I see another Noah beat me to the punch on “The Lego Movie.” But, you know, you can always add another brick to the critical wall. So:
A lot of the commentary on the movie has asserted that the message (or a big part of the message) of the movie is: don’t limit yourself by following the instructions. Let your imagination run free! But this strikes me as a seriously weak reading.
Emmett does not have a soaring imagination yearning to fly free. The only thing he ever invented is a double-decker couch, which everyone agrees is a terrible, terrible idea. There’s actually a scene where the other characters go inside his mind, so we know just how sunshiny-spotless it is. The only thing his head is good for is to serve as an impromptu axle for a wheel.
What he is good at is following instructions – and making sure that other people follow them.
There’s a crucial scene where the evil forces of Lord Business are attacking cloud cuckoo land, and the various master builders – Batman, Wild Style, Unikitty, etc. – have to work together to build a submarine so they can plunge safely into the ocean below. But they don’t exactly know how to do that. They each have a “thing” – Batman uses only black pieces, natch – and so they each work independently on a portion of the sub. Vitruvius even tells Emmett, in the middle of the crisis, that he can contribute to building the sub by, you know, doing whatever comes to mind. (This is when Emmett builds his double-decker couch.)
Lo and behold, only a few minutes after submerging, the sub breaks apart into its constituent pieces. It fell apart because it lacked a unified design to hold it together. As Emmett points out later, the master builders’ problem is they don’t know how to work as a team. Which is the one thing Emmett does know how to do.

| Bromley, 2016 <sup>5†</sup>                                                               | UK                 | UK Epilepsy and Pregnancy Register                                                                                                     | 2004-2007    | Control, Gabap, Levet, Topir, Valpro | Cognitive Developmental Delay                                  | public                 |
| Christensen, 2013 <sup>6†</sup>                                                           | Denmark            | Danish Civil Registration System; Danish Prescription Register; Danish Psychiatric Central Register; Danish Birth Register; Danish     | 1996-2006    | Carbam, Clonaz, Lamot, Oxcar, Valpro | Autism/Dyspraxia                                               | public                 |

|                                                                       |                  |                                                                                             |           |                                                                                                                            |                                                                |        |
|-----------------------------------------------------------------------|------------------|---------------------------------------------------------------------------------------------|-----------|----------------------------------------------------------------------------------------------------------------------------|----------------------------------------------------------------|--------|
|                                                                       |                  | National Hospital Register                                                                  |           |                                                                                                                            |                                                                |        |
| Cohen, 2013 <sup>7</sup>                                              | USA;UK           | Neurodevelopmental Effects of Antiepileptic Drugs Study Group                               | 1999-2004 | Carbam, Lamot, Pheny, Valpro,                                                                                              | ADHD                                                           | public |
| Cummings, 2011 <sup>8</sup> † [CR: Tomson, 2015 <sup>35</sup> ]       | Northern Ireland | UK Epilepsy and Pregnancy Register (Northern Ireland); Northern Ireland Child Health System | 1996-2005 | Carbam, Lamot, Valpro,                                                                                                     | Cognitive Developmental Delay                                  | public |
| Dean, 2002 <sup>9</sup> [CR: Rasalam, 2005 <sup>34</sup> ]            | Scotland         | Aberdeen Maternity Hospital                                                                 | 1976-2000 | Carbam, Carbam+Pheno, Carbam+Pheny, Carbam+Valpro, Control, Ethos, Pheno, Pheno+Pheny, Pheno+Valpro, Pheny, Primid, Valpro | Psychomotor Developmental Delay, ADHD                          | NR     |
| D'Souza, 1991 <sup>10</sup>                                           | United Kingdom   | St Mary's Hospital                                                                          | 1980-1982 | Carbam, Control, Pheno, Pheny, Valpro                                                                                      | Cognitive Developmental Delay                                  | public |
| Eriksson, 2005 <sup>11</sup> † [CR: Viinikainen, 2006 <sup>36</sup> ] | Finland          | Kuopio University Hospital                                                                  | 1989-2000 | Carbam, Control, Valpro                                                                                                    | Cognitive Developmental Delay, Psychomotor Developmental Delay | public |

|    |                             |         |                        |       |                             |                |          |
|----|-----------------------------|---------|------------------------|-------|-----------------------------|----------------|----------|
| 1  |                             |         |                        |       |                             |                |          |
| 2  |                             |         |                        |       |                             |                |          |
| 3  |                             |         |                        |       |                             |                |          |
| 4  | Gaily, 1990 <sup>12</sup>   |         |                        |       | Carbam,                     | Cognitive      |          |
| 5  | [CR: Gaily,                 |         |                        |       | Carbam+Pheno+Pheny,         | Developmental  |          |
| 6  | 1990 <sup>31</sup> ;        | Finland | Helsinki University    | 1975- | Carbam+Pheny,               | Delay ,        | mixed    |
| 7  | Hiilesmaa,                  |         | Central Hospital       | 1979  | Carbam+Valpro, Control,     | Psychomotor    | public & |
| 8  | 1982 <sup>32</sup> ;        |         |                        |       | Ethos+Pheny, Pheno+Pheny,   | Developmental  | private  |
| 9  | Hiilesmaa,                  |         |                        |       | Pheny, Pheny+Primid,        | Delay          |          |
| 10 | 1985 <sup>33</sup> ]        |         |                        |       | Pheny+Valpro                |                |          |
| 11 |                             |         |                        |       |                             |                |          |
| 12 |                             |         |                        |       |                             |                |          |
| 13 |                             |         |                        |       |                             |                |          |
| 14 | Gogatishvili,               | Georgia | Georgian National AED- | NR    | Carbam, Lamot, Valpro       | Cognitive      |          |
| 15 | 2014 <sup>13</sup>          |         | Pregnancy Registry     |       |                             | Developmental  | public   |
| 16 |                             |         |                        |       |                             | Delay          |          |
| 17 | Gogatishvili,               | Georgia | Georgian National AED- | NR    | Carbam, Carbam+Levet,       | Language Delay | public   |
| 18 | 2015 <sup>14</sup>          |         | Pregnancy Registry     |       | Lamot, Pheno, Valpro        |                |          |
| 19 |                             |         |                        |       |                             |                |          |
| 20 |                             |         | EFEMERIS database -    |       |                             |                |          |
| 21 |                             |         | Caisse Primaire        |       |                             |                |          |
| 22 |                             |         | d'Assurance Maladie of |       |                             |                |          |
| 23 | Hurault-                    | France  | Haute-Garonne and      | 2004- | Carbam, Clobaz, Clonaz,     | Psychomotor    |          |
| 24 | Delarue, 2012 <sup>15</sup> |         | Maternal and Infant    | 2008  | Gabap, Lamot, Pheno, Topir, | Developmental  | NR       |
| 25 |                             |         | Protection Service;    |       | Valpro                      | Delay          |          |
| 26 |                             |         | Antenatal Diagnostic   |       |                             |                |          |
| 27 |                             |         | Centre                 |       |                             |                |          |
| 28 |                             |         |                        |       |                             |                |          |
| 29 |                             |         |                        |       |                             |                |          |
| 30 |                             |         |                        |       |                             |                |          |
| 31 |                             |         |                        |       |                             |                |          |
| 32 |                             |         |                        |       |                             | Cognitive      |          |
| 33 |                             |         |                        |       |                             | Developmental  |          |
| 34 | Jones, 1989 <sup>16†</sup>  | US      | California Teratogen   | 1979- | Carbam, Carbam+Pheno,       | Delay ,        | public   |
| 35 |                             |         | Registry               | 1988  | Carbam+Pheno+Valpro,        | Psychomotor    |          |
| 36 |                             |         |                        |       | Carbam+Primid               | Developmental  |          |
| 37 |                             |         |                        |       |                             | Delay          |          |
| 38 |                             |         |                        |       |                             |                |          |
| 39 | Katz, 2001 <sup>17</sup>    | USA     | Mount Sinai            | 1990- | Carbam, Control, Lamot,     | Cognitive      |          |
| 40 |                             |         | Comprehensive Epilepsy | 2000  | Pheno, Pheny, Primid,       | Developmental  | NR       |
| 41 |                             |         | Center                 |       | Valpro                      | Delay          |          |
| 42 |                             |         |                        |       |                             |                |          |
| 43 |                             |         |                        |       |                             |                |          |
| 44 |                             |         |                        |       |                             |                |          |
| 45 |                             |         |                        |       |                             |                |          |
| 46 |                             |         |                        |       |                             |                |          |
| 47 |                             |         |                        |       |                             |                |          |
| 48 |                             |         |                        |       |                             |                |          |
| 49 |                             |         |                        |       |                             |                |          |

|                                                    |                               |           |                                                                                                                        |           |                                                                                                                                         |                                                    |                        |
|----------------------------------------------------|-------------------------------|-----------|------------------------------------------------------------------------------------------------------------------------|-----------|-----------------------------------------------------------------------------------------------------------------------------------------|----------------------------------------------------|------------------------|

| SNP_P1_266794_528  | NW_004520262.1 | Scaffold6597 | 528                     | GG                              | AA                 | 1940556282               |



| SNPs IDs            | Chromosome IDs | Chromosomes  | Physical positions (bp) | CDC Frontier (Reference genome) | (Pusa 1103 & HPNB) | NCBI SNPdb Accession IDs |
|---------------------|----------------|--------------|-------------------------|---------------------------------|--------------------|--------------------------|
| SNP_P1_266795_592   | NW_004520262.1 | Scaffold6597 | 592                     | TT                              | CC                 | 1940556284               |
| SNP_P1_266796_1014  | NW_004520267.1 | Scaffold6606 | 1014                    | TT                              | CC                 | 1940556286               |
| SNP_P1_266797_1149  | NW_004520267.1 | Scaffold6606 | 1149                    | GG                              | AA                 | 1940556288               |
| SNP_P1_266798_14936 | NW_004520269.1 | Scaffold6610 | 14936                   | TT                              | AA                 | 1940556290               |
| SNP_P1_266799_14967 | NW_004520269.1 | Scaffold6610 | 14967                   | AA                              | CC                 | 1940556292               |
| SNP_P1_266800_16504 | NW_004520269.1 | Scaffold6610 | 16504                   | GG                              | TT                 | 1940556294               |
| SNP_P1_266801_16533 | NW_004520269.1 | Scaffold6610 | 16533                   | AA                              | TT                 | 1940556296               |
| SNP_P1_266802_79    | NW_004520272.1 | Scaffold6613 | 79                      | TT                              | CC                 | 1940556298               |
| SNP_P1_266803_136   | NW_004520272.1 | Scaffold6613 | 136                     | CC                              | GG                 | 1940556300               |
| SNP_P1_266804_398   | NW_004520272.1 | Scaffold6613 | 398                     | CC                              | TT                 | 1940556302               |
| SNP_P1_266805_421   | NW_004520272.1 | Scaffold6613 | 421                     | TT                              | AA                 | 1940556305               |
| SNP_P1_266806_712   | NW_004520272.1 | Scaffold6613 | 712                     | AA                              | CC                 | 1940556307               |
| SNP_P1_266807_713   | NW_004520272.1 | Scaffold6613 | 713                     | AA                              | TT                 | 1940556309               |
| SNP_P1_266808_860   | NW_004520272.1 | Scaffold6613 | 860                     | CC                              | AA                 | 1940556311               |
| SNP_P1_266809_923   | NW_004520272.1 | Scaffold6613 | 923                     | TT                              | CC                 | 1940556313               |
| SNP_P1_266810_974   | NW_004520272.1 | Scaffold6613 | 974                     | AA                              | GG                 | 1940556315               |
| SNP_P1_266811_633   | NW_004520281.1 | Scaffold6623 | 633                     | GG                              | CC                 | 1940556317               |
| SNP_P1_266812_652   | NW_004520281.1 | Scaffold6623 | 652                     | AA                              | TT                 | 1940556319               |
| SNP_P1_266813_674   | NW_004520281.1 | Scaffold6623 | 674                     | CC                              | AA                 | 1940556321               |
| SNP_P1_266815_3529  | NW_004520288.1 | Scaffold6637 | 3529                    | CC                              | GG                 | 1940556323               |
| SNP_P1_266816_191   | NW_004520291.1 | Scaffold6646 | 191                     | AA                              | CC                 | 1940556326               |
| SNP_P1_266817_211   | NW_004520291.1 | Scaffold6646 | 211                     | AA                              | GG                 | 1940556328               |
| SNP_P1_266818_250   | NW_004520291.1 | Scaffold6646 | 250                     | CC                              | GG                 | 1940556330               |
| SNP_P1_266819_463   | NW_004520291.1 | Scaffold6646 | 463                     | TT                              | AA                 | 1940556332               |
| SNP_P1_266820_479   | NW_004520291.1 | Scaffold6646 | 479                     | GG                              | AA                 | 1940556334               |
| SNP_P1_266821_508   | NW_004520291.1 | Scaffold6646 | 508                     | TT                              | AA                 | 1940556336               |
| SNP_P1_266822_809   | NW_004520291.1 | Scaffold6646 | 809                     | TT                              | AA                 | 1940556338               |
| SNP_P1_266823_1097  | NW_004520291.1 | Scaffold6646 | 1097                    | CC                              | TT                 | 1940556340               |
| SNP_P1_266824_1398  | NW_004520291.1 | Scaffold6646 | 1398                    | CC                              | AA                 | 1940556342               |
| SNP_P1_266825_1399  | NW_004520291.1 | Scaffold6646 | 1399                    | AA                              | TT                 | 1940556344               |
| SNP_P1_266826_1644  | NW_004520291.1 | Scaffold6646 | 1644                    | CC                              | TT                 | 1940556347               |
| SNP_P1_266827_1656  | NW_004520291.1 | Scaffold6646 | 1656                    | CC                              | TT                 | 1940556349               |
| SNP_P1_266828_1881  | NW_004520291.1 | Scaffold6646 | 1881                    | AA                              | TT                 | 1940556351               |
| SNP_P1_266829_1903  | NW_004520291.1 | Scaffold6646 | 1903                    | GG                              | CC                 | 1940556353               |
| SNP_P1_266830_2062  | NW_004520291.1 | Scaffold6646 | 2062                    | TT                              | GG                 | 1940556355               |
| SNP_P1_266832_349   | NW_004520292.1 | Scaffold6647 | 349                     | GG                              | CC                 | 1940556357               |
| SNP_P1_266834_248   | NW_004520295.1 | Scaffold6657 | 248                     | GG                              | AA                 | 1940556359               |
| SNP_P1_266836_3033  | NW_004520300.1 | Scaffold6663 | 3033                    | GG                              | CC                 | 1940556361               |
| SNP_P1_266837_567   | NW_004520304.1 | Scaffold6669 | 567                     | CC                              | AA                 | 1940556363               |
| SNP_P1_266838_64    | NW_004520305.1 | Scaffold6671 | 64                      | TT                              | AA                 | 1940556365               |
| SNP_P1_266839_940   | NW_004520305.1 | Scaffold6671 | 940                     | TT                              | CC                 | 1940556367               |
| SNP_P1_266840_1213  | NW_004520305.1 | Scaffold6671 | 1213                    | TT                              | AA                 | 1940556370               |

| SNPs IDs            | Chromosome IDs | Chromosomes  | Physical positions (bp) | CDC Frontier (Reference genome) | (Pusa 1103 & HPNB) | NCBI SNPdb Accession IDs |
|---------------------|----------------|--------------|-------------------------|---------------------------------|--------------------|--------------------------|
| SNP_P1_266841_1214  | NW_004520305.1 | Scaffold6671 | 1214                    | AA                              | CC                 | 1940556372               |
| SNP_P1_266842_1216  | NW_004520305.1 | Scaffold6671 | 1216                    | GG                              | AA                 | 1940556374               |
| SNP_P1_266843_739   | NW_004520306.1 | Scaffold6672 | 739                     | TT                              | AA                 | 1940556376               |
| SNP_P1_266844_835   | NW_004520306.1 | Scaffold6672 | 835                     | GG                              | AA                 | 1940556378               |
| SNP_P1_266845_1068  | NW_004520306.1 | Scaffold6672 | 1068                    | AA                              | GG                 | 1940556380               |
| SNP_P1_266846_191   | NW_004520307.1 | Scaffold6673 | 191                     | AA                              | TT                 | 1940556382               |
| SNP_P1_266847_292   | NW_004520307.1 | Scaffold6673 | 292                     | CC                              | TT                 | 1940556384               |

Emmett does become a master builder after his encounter with the “man upstairs” (an instantaneous transformation that doesn’t actually make any sense in story terms), but even after this transformation he isn’t able to defeat Lord Business. Lord Business can only be defeated by convincing him to switch sides, stop micromanaging, and work with the master builders as their leader and coordinator rather than insisting that all ideas have to come from his office.
Yes, Kristula-Green is right that on the “meta” level of the humans who are playing with the Legos, this narrative resolution parallels the reconciliation of father and son. But within the frame of the Lego universe, this resolution represents the apotheosis of corporate management culture truisms. There’s no revolution to overthrow Lord Business; instead, Lord Business retains his position of authority but learns how to properly manage a corporate environment that encourages individual creativity and channels it effectively towards corporate ends. The captive master builders are freed from their prison cells and the rebellious ones outside are re-integrated into the new corporate culture.
This is how companies like Apple and Google present themselves. It’s also how the Lego corporation presents itself. And it’s equally valid as a metaphor for the process of making a movie like, say, “The Lego Movie,” which required effective coordination of the efforts of numerous creative individuals and the interests of multiple corporate franchise holders, and could never have been accomplished if those creative individuals had been shackled and forced to conform to a single person’s vision – but also could never have been accomplished if there were no coordinating vision at all.
And that’s not the message for the grownups. The sentimental business with the father and son – that’s the message for the grownups; that’s the ad. The corporate culture message is for the kids. Take a trip through kids’ entertainment these days, much of it produced by the Disney corporation, and you’ll see quite a bit of very similar messaging. And the dystopian visions of so much YA literature are the dark mirrors of the same corporate scenario, where children are forced to compete with each other in brutal games arranged by heartless adults. Rod Dreher has been writing a bunch about “narrative collapse” lately, but the narrative hasn’t collapsed. We still tell stories about how we’re supposed to live our lives. It just isn’t the narrative he’s looking for.
“The Lego Movie” isn’t distinctive for selling kids on the promise of a “cool” workplace culture where you can exercise your creative impulses if you learn to work well with others.
It’s distinctive for making that world actually seem fun. As fun as, you know, playing with Legos.